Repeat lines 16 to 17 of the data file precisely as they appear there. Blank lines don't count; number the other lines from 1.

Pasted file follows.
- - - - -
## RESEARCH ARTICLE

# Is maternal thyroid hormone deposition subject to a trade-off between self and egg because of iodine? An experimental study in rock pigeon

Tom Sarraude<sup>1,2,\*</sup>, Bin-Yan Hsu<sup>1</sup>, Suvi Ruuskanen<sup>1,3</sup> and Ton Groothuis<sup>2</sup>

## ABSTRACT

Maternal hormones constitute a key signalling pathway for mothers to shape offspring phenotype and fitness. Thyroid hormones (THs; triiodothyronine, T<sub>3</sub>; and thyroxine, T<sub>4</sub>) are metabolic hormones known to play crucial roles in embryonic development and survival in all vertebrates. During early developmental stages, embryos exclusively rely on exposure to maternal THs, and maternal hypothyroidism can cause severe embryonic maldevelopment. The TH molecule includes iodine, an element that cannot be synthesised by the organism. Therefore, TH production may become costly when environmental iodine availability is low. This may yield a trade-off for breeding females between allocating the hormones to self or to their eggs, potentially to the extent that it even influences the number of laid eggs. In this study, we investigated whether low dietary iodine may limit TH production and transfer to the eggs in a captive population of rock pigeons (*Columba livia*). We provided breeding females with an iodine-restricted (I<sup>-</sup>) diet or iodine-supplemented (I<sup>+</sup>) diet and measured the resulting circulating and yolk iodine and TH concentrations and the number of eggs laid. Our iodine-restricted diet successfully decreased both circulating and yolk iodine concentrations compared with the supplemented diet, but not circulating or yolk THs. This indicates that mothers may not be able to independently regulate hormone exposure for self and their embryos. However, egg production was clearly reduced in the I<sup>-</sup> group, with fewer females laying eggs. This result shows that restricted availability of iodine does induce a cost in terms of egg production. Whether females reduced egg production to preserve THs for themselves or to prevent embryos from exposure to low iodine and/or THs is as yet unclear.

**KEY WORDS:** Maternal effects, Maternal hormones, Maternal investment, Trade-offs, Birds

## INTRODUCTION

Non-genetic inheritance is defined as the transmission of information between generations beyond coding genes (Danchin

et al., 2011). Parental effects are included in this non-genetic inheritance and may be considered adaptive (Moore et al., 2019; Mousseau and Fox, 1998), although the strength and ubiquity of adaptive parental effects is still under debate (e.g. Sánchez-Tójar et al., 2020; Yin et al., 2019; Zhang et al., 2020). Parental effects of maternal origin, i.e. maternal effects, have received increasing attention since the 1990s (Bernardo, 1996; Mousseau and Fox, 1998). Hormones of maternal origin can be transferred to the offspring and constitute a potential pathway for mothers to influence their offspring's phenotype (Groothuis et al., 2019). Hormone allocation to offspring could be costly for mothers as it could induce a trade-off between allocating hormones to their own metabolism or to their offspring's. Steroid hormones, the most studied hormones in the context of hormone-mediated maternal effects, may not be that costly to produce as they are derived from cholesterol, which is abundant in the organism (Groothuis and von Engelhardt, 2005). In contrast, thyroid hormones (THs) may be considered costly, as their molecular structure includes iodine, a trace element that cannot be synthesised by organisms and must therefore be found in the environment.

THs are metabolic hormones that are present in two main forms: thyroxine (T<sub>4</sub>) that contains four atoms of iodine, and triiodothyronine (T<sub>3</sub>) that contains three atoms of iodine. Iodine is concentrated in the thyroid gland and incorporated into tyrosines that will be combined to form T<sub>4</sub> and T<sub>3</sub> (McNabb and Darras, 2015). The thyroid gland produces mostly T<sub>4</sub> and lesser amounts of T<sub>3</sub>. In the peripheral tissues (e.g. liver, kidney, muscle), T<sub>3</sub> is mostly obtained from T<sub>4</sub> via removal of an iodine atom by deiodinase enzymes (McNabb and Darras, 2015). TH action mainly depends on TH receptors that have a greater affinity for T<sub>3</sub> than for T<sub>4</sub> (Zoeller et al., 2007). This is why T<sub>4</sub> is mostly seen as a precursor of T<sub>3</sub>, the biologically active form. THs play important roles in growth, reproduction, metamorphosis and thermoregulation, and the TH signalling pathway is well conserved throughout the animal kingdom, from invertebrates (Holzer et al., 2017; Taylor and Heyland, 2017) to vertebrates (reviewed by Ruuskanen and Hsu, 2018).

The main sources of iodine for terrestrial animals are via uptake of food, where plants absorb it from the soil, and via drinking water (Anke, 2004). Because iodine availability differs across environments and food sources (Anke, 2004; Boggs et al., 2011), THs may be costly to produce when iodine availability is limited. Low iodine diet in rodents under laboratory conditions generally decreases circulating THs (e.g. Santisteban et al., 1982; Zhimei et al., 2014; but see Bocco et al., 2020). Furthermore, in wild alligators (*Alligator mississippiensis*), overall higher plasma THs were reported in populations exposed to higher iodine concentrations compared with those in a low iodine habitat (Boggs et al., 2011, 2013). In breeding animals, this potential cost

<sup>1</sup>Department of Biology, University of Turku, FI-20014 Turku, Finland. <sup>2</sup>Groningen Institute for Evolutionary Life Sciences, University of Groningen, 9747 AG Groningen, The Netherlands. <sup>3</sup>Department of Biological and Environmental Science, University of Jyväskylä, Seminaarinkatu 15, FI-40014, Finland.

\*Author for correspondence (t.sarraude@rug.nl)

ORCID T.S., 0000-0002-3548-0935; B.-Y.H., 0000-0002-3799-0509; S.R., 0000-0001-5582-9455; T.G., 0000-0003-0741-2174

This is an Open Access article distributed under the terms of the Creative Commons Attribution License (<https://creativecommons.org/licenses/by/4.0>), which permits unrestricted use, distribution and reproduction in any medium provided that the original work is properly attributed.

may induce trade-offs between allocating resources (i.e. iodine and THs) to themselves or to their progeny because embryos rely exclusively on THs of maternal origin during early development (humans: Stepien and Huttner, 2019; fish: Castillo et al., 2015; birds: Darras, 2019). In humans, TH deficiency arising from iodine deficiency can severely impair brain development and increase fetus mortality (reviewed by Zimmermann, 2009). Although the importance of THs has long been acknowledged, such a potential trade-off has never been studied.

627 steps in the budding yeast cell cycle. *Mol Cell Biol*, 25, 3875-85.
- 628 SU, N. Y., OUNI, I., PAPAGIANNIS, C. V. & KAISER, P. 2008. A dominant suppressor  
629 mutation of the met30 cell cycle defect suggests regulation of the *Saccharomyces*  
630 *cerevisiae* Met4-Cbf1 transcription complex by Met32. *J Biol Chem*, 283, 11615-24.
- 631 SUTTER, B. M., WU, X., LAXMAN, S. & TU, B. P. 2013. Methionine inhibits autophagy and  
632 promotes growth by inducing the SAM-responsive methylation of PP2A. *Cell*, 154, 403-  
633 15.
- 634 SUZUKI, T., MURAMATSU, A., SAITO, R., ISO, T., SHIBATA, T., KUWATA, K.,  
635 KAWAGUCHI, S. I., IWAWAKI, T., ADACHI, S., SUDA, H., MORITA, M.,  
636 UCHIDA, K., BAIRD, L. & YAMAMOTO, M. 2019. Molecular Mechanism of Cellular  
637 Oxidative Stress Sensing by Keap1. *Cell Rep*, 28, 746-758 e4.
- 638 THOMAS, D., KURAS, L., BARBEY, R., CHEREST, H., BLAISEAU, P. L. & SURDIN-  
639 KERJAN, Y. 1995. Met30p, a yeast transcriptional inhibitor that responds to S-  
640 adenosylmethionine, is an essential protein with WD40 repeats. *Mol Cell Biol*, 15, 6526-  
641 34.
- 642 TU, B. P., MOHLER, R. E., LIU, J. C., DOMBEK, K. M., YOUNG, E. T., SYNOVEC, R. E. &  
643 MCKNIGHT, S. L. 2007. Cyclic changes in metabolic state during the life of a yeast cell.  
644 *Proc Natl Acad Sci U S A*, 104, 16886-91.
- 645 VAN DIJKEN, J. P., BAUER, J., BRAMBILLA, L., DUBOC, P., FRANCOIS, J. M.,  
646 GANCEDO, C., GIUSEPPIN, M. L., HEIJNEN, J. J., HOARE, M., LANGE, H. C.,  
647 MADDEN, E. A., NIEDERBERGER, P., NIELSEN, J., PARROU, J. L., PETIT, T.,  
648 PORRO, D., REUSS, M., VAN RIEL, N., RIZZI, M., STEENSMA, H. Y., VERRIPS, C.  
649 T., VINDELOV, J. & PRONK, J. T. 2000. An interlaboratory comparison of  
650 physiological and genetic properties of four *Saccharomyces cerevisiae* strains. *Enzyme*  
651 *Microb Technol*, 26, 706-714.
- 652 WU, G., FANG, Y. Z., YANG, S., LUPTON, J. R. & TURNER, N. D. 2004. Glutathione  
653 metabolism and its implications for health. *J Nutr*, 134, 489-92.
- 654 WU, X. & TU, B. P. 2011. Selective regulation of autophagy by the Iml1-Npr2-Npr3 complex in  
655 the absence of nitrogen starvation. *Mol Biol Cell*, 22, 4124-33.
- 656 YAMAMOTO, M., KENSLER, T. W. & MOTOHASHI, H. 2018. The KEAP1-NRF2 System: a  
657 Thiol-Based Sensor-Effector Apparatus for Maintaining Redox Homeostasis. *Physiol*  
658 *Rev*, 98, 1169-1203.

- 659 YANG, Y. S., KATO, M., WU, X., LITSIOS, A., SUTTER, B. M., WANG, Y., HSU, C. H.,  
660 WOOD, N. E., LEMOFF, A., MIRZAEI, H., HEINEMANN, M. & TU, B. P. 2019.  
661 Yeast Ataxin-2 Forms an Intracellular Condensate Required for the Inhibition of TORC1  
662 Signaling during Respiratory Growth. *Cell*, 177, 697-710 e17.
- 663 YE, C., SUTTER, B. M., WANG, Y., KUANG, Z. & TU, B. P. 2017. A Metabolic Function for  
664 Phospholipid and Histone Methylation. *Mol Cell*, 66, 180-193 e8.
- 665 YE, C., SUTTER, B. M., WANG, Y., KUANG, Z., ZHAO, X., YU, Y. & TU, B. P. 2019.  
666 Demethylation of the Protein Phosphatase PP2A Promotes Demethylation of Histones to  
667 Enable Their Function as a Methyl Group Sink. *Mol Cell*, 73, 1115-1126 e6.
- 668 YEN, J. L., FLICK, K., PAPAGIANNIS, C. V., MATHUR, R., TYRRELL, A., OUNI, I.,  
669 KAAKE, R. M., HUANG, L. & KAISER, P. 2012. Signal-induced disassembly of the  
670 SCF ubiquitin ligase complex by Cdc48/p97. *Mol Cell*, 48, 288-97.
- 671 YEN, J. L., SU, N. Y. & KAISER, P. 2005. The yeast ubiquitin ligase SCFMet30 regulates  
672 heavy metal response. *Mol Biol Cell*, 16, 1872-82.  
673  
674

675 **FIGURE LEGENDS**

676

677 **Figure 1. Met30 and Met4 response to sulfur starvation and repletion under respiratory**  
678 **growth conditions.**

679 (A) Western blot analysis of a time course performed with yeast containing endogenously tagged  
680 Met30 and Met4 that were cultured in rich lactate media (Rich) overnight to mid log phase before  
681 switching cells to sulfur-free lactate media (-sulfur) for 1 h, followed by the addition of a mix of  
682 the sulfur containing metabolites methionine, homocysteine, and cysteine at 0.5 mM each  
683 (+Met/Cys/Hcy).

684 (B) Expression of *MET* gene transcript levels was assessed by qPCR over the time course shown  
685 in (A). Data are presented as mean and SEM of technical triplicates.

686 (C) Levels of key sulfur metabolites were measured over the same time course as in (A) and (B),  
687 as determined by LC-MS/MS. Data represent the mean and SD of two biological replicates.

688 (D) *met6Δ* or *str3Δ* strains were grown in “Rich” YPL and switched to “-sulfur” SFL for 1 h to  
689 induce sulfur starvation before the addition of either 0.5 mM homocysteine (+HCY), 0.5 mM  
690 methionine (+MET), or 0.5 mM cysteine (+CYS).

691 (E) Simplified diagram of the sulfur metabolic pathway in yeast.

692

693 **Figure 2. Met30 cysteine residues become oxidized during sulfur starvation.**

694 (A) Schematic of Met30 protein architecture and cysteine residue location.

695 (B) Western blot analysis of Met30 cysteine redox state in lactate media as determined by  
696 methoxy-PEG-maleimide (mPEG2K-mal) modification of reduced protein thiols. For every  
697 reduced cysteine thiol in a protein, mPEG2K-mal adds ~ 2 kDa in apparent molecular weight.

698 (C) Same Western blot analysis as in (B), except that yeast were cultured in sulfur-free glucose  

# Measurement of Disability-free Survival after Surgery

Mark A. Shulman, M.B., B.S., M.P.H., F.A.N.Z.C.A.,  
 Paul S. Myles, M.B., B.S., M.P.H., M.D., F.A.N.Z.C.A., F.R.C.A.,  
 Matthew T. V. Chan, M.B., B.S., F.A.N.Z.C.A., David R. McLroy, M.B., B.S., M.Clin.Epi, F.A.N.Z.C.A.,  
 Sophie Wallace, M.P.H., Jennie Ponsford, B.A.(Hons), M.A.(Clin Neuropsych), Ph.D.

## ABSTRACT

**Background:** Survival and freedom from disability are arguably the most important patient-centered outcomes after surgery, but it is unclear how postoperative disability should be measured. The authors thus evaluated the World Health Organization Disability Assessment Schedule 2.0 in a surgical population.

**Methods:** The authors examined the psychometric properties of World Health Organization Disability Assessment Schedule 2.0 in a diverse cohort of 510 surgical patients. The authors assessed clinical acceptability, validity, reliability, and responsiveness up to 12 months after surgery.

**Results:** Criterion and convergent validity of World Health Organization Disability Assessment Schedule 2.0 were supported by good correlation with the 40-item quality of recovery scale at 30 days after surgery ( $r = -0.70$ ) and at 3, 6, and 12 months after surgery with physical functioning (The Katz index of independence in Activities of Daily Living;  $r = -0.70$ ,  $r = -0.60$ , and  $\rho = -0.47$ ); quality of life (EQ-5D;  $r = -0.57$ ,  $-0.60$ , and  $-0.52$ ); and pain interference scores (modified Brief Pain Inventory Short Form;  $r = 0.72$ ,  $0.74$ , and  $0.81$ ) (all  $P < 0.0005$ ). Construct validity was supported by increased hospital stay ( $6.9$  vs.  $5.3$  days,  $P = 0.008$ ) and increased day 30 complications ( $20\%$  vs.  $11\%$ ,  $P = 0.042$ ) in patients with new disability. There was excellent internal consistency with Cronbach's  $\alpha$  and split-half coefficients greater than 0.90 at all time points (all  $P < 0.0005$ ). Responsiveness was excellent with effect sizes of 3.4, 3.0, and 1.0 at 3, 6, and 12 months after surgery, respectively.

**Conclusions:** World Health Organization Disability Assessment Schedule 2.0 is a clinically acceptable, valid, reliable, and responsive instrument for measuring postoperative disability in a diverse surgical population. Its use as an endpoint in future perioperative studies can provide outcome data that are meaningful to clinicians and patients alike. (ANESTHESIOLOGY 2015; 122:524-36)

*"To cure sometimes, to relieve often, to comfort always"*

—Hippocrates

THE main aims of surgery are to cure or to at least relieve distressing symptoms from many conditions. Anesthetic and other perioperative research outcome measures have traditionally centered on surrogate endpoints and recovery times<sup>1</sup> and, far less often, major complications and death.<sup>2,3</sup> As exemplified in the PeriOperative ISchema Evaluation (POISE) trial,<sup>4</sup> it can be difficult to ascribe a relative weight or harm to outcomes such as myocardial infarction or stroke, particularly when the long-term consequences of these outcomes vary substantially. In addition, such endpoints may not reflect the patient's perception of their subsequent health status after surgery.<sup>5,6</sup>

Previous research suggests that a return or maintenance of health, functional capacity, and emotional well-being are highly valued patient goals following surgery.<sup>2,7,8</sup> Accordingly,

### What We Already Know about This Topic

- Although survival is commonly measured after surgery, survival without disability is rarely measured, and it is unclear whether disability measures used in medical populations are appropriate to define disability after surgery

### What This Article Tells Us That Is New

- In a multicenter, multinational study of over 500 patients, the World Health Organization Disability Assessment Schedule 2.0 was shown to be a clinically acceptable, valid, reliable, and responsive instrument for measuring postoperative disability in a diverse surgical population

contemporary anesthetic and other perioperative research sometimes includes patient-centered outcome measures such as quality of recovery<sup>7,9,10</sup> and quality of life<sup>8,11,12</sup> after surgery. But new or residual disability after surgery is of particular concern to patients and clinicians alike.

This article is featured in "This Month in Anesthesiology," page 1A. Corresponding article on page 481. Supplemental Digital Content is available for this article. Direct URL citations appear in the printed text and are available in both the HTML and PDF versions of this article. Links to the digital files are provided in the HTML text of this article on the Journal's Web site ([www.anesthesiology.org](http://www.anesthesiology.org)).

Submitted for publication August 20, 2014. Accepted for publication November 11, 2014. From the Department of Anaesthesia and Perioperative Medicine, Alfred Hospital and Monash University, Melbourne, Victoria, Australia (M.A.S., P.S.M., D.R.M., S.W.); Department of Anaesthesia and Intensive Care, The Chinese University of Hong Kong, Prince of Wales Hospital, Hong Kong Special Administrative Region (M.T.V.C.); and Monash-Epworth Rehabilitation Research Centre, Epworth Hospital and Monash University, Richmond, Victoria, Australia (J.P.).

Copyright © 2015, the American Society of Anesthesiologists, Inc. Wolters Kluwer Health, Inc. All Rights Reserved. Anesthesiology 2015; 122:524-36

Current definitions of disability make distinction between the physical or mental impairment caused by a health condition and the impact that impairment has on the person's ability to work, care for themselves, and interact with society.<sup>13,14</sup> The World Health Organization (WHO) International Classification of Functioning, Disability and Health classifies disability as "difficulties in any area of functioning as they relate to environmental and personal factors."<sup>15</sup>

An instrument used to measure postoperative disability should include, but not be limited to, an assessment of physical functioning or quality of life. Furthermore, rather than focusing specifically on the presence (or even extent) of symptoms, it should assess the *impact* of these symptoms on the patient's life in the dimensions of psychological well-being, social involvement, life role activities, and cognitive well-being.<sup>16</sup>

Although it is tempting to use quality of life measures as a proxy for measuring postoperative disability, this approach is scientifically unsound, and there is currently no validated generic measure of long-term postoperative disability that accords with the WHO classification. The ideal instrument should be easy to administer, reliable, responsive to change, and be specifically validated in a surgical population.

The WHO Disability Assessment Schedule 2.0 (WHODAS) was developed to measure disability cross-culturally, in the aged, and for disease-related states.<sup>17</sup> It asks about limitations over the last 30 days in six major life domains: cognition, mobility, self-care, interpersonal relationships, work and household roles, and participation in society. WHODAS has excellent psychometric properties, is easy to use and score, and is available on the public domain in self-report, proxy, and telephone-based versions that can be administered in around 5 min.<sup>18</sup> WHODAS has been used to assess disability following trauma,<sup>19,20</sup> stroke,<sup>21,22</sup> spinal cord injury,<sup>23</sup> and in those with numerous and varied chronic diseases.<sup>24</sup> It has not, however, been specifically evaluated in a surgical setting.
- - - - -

may induce trade-offs between allocating resources (i.e. iodine and THs) to themselves or to their progeny because embryos rely exclusively on THs of maternal origin during early development (humans: Stepien and Huttner, 2019; fish: Castillo et al., 2015; birds: Darras, 2019). In humans, TH deficiency arising from iodine deficiency can severely impair brain development and increase fetus mortality (reviewed by Zimmermann, 2009). Although the importance of THs has long been acknowledged, such a potential trade-off has never been studied.

627 steps in the budding yeast cell cycle. *Mol Cell Biol*, 25, 3875-85.